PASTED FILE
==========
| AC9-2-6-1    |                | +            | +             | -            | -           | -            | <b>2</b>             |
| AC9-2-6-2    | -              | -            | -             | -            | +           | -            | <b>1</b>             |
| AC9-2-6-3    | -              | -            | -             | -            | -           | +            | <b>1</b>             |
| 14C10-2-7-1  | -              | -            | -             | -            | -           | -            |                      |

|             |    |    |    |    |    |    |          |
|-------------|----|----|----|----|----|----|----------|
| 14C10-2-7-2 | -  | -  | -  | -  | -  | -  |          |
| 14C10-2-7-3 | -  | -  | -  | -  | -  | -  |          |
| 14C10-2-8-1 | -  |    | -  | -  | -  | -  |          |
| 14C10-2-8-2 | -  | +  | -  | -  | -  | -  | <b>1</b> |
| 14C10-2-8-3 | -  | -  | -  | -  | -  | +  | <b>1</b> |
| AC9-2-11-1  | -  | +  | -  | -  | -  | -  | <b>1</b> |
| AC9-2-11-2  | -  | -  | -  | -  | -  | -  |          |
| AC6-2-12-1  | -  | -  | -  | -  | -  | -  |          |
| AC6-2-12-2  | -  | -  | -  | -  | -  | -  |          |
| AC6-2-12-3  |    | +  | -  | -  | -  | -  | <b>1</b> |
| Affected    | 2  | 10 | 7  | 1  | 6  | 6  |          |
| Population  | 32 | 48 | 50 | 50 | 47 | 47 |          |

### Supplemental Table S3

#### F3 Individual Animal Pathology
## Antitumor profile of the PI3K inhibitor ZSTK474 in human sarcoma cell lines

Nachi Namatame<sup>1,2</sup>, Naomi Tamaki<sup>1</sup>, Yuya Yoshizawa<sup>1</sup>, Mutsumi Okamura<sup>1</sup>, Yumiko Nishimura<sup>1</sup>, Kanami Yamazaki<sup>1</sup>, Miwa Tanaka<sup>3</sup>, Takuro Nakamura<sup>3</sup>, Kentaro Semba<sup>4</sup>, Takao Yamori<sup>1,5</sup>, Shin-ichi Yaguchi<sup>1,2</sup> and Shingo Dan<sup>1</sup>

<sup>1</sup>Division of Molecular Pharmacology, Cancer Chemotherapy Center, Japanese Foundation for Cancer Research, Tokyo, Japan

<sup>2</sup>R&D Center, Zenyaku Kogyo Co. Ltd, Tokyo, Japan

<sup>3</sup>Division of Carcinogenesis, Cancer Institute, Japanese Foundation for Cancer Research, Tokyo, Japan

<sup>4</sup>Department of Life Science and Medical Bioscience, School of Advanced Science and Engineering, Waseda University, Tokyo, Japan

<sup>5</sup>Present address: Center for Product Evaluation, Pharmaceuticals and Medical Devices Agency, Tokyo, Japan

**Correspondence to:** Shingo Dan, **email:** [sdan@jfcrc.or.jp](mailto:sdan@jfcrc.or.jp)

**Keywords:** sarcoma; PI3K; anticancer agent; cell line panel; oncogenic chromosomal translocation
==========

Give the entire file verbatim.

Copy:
| AC9-2-6-1    |                | +            | +             | -            | -           | -            | <b>2</b>             |
| AC9-2-6-2    | -              | -            | -             | -            | +           | -            | <b>1</b>             |
| AC9-2-6-3    | -              | -            | -             | -            | -           | +            | <b>1</b>             |
| 14C10-2-7-1  | -              | -            | -             | -            | -           | -            |                      |

|             |    |    |    |    |    |    |          |
|-------------|----|----|----|----|----|----|----------|
| 14C10-2-7-2 | -  | -  | -  | -  | -  | -  |          |
| 14C10-2-7-3 | -  | -  | -  | -  | -  | -  |          |
| 14C10-2-8-1 | -  |    | -  | -  | -  | -  |          |
| 14C10-2-8-2 | -  | +  | -  | -  | -  | -  | <b>1</b> |
| 14C10-2-8-3 | -  | -  | -  | -  | -  | +  | <b>1</b> |
| AC9-2-11-1  | -  | +  | -  | -  | -  | -  | <b>1</b> |
| AC9-2-11-2  | -  | -  | -  | -  | -  | -  |          |
| AC6-2-12-1  | -  | -  | -  | -  | -  | -  |          |
| AC6-2-12-2  | -  | -  | -  | -  | -  | -  |          |
| AC6-2-12-3  |    | +  | -  | -  | -  | -  | <b>1</b> |
| Affected    | 2  | 10 | 7  | 1  | 6  | 6  |          |
| Population  | 32 | 48 | 50 | 50 | 47 | 47 |          |

### Supplemental Table S3

#### F3 Individual Animal Pathology
## Antitumor profile of the PI3K inhibitor ZSTK474 in human sarcoma cell lines

Nachi Namatame<sup>1,2</sup>, Naomi Tamaki<sup>1</sup>, Yuya Yoshizawa<sup>1</sup>, Mutsumi Okamura<sup>1</sup>, Yumiko Nishimura<sup>1</sup>, Kanami Yamazaki<sup>1</sup>, Miwa Tanaka<sup>3</sup>, Takuro Nakamura<sup>3</sup>, Kentaro Semba<sup>4</sup>, Takao Yamori<sup>1,5</sup>, Shin-ichi Yaguchi<sup>1,2</sup> and Shingo Dan<sup>1</sup>

<sup>1</sup>Division of Molecular Pharmacology, Cancer Chemotherapy Center, Japanese Foundation for Cancer Research, Tokyo, Japan

<sup>2</sup>R&D Center, Zenyaku Kogyo Co. Ltd, Tokyo, Japan

<sup>3</sup>Division of Carcinogenesis, Cancer Institute, Japanese Foundation for Cancer Research, Tokyo, Japan

<sup>4</sup>Department of Life Science and Medical Bioscience, School of Advanced Science and Engineering, Waseda University, Tokyo, Japan

<sup>5</sup>Present address: Center for Product Evaluation, Pharmaceuticals and Medical Devices Agency, Tokyo, Japan

**Correspondence to:** Shingo Dan, **email:** [sdan@jfcrc.or.jp](mailto:sdan@jfcrc.or.jp)

**Keywords:** sarcoma; PI3K; anticancer agent; cell line panel; oncogenic chromosomal translocation